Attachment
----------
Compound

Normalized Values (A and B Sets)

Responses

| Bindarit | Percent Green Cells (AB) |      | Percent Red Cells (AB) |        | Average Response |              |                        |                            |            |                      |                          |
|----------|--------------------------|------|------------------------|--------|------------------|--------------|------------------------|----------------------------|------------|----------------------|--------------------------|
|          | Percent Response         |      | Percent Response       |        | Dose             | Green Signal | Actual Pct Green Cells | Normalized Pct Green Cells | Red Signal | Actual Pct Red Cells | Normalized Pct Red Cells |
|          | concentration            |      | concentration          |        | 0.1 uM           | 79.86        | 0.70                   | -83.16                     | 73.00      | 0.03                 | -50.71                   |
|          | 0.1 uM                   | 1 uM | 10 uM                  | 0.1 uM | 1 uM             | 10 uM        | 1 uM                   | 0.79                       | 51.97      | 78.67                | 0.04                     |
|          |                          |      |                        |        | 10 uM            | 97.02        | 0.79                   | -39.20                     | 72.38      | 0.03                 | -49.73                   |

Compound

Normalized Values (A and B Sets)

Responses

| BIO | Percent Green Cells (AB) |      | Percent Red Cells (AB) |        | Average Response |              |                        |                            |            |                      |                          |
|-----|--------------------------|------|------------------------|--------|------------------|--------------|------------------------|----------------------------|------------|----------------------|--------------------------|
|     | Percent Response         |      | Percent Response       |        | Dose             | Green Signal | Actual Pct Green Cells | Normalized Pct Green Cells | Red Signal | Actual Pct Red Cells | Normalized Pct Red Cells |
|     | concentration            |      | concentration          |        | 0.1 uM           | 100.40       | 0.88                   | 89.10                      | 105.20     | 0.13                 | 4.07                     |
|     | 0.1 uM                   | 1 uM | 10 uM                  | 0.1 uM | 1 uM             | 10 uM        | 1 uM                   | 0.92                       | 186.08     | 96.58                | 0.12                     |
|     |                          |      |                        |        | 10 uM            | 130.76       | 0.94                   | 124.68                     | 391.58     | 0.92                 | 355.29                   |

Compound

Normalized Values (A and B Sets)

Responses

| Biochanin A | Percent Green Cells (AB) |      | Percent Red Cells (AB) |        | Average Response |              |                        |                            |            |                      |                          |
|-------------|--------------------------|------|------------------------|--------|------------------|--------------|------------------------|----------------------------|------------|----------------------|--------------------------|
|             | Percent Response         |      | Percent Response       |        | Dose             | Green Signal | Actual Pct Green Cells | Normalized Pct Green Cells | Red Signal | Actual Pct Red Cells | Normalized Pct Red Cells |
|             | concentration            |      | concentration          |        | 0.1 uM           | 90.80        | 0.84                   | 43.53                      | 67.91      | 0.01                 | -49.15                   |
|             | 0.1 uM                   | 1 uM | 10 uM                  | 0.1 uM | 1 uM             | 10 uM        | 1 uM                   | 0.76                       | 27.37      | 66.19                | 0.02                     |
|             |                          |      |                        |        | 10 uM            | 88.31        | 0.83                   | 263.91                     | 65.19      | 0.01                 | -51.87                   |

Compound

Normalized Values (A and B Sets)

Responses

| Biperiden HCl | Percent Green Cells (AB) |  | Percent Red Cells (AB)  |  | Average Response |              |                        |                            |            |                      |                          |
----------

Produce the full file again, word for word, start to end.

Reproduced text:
Compound

Normalized Values (A and B Sets)

Responses

| Bindarit | Percent Green Cells (AB) |      | Percent Red Cells (AB) |        | Average Response |              |                        |                            |            |                      |                          |
|----------|--------------------------|------|------------------------|--------|------------------|--------------|------------------------|----------------------------|------------|----------------------|--------------------------|
|          | Percent Response         |      | Percent Response       |        | Dose             | Green Signal | Actual Pct Green Cells | Normalized Pct Green Cells | Red Signal | Actual Pct Red Cells | Normalized Pct Red Cells |
|          | concentration            |      | concentration          |        | 0.1 uM           | 79.86        | 0.70                   | -83.16                     | 73.00      | 0.03                 | -50.71                   |
|          | 0.1 uM                   | 1 uM | 10 uM                  | 0.1 uM | 1 uM             | 10 uM        | 1 uM                   | 0.79                       | 51.97      | 78.67                | 0.04                     |
|          |                          |      |                        |        | 10 uM            | 97.02        | 0.79                   | -39.20                     | 72.38      | 0.03                 | -49.73                   |

Compound

Normalized Values (A and B Sets)

Responses

| BIO | Percent Green Cells (AB) |      | Percent Red Cells (AB) |        | Average Response |              |                        |                            |            |                      |                          |
|-----|--------------------------|------|------------------------|--------|------------------|--------------|------------------------|----------------------------|------------|----------------------|--------------------------|
|     | Percent Response         |      | Percent Response       |        | Dose             | Green Signal | Actual Pct Green Cells | Normalized Pct Green Cells | Red Signal | Actual Pct Red Cells | Normalized Pct Red Cells |
|     | concentration            |      | concentration          |        | 0.1 uM           | 100.40       | 0.88                   | 89.10                      | 105.20     | 0.13                 | 4.07                     |
|     | 0.1 uM                   | 1 uM | 10 uM                  | 0.1 uM | 1 uM             | 10 uM        | 1 uM                   | 0.92                       | 186.08     | 96.58                | 0.12                     |
|     |                          |      |                        |        | 10 uM            | 130.76       | 0.94                   | 124.68                     | 391.58     | 0.92                 | 355.29                   |

Compound

Normalized Values (A and B Sets)

Responses

| Biochanin A | Percent Green Cells (AB) |      | Percent Red Cells (AB) |        | Average Response |              |                        |                            |            |                      |                          |
|-------------|--------------------------|------|------------------------|--------|------------------|--------------|------------------------|----------------------------|------------|----------------------|--------------------------|
|             | Percent Response         |      | Percent Response       |        | Dose             | Green Signal | Actual Pct Green Cells | Normalized Pct Green Cells | Red Signal | Actual Pct Red Cells | Normalized Pct Red Cells |
|             | concentration            |      | concentration          |        | 0.1 uM           | 90.80        | 0.84                   | 43.53                      | 67.91      | 0.01                 | -49.15                   |
|             | 0.1 uM                   | 1 uM | 10 uM                  | 0.1 uM | 1 uM             | 10 uM        | 1 uM                   | 0.76                       | 27.37      | 66.19                | 0.02                     |
|             |                          |      |                        |        | 10 uM            | 88.31        | 0.83                   | 263.91                     | 65.19      | 0.01                 | -51.87                   |

Compound

Normalized Values (A and B Sets)

Responses

| Biperiden HCl | Percent Green Cells (AB) |  | Percent Red Cells (AB)  |  | Average Response |              |                        |                            |            |                      |                          |